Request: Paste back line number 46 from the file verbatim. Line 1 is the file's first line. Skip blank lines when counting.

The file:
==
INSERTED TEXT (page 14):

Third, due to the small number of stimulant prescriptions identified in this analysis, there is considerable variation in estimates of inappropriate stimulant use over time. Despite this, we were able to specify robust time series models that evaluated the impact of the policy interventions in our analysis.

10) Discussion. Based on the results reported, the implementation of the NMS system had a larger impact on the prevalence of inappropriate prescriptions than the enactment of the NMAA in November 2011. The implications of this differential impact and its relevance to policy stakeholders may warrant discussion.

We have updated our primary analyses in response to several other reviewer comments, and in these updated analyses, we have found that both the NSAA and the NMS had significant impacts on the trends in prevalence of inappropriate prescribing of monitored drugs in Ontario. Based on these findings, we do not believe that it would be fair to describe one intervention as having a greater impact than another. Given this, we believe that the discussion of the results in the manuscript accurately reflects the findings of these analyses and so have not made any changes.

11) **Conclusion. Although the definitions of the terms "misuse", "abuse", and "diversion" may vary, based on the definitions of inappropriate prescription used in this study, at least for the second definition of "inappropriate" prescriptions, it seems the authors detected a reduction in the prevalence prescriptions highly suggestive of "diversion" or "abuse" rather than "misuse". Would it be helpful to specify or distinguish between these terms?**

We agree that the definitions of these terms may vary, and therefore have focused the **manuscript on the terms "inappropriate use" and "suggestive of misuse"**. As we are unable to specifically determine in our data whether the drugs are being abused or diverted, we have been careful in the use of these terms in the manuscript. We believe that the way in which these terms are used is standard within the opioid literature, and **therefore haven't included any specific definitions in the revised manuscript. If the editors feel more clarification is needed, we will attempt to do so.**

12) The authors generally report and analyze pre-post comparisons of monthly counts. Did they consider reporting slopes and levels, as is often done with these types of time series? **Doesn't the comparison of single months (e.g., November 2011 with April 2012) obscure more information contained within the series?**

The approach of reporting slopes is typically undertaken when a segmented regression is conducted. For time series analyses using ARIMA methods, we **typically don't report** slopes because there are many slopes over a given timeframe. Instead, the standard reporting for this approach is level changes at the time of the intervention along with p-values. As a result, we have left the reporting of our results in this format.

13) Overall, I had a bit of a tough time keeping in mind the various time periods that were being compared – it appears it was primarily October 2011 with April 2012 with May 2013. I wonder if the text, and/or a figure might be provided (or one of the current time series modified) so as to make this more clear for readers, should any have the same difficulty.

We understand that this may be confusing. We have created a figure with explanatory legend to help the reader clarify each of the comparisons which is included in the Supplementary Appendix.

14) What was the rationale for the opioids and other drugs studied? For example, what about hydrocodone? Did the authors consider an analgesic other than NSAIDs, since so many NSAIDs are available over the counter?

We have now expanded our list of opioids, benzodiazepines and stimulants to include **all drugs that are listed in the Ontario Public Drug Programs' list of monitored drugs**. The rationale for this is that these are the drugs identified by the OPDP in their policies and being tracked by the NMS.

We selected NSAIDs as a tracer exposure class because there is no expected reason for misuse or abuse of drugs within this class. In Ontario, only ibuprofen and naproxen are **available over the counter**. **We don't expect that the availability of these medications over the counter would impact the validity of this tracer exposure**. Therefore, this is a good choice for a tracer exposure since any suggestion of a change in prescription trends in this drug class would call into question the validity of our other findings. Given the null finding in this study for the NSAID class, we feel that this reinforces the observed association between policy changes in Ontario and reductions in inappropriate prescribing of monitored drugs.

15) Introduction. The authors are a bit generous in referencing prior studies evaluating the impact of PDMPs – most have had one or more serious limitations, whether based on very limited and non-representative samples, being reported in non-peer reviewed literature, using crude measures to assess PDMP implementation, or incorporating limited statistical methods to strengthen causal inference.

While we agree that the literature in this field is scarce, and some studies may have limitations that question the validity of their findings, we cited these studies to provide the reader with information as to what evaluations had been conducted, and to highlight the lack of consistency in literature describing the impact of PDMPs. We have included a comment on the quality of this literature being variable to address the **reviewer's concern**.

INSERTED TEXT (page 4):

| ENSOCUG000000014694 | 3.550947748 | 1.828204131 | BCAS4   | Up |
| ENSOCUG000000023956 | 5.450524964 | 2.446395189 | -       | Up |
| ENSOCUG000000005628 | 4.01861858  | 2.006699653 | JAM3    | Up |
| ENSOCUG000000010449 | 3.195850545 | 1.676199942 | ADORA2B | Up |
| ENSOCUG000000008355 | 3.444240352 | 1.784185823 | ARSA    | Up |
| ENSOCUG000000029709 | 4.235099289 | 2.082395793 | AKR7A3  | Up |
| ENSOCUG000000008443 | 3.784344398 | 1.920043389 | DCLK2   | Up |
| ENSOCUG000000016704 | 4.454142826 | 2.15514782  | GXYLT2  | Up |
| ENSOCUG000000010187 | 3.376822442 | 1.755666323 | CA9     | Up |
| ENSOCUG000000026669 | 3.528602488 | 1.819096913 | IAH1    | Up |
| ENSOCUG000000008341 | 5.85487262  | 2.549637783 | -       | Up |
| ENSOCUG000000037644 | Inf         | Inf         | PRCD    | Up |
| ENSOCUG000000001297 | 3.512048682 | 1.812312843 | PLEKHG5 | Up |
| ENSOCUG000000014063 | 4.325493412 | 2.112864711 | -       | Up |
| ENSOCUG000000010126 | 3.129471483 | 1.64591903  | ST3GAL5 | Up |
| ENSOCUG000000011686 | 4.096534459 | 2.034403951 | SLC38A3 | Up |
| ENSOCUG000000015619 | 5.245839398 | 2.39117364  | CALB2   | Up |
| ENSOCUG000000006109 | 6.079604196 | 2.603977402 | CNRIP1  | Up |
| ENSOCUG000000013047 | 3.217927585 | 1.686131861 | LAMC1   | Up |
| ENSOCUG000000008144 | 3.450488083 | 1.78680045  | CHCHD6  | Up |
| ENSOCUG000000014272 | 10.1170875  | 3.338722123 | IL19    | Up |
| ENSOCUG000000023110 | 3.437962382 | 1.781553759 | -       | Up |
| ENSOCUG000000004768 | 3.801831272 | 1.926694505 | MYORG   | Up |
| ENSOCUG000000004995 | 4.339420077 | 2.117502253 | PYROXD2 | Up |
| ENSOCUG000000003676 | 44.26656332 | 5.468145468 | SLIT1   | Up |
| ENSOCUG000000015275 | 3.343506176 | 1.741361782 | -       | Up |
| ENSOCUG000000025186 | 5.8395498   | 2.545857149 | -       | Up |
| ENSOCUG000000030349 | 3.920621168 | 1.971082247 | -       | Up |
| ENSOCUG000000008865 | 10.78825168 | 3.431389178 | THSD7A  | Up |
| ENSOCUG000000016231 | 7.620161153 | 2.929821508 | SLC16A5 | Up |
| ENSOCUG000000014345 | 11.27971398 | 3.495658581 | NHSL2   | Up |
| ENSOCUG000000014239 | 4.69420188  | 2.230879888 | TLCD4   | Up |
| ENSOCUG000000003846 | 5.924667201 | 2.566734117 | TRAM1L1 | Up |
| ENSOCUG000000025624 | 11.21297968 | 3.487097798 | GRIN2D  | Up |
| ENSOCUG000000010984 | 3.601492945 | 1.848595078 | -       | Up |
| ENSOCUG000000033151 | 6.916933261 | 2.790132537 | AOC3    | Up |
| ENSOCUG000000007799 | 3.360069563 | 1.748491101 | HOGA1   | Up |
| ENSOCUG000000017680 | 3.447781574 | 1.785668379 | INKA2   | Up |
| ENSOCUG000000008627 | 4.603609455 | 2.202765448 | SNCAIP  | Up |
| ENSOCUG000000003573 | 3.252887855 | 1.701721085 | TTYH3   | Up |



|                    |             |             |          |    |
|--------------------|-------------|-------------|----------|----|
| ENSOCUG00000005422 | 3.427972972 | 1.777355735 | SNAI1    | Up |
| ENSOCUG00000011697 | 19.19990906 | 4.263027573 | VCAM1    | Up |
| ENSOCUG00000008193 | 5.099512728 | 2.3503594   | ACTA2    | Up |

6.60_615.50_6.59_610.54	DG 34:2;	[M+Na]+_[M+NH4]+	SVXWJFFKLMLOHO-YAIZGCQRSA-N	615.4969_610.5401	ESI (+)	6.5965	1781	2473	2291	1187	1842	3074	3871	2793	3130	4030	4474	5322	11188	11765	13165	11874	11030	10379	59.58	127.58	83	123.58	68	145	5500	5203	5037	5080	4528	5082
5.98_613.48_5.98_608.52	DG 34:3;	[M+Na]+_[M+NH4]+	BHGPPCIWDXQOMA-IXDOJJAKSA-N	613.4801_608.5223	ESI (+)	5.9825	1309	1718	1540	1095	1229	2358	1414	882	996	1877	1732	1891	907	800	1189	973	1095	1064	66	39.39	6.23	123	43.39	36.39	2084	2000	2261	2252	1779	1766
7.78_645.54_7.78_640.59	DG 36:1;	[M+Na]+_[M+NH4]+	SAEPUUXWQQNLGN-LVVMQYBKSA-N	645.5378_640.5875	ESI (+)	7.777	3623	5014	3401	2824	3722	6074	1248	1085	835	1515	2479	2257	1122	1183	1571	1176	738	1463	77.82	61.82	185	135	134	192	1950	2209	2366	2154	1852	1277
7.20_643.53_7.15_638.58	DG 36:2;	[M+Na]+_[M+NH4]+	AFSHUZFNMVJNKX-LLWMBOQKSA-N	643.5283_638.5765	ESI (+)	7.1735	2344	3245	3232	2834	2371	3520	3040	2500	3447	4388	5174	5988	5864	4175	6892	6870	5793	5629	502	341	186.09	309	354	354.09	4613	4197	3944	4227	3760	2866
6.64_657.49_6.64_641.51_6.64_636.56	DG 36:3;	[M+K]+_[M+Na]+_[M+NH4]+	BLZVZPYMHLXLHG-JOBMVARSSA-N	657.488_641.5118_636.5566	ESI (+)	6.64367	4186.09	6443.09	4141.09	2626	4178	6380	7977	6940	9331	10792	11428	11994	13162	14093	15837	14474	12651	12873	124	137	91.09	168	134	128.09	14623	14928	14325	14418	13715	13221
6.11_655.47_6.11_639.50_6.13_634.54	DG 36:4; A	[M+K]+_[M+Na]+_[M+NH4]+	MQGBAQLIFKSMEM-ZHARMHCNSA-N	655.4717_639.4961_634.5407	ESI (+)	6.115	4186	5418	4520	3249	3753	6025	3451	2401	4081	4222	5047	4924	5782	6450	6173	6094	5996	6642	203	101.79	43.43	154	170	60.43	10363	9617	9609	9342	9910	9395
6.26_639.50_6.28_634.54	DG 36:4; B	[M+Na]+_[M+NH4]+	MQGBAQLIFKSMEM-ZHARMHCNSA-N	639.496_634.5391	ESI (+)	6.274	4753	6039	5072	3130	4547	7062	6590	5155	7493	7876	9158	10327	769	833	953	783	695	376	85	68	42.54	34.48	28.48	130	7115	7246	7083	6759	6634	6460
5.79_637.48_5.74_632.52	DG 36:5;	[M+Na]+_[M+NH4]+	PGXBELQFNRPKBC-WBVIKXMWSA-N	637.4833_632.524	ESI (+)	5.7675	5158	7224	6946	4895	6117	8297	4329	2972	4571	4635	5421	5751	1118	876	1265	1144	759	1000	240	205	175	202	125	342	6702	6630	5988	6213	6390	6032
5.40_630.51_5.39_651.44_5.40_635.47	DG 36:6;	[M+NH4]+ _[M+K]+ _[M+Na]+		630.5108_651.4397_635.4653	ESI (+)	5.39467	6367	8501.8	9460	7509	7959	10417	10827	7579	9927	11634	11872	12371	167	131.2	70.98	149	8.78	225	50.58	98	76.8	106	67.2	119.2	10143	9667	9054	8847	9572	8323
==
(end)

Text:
| ENSOCUG000000016231 | 7.620161153 | 2.929821508 | SLC16A5 | Up |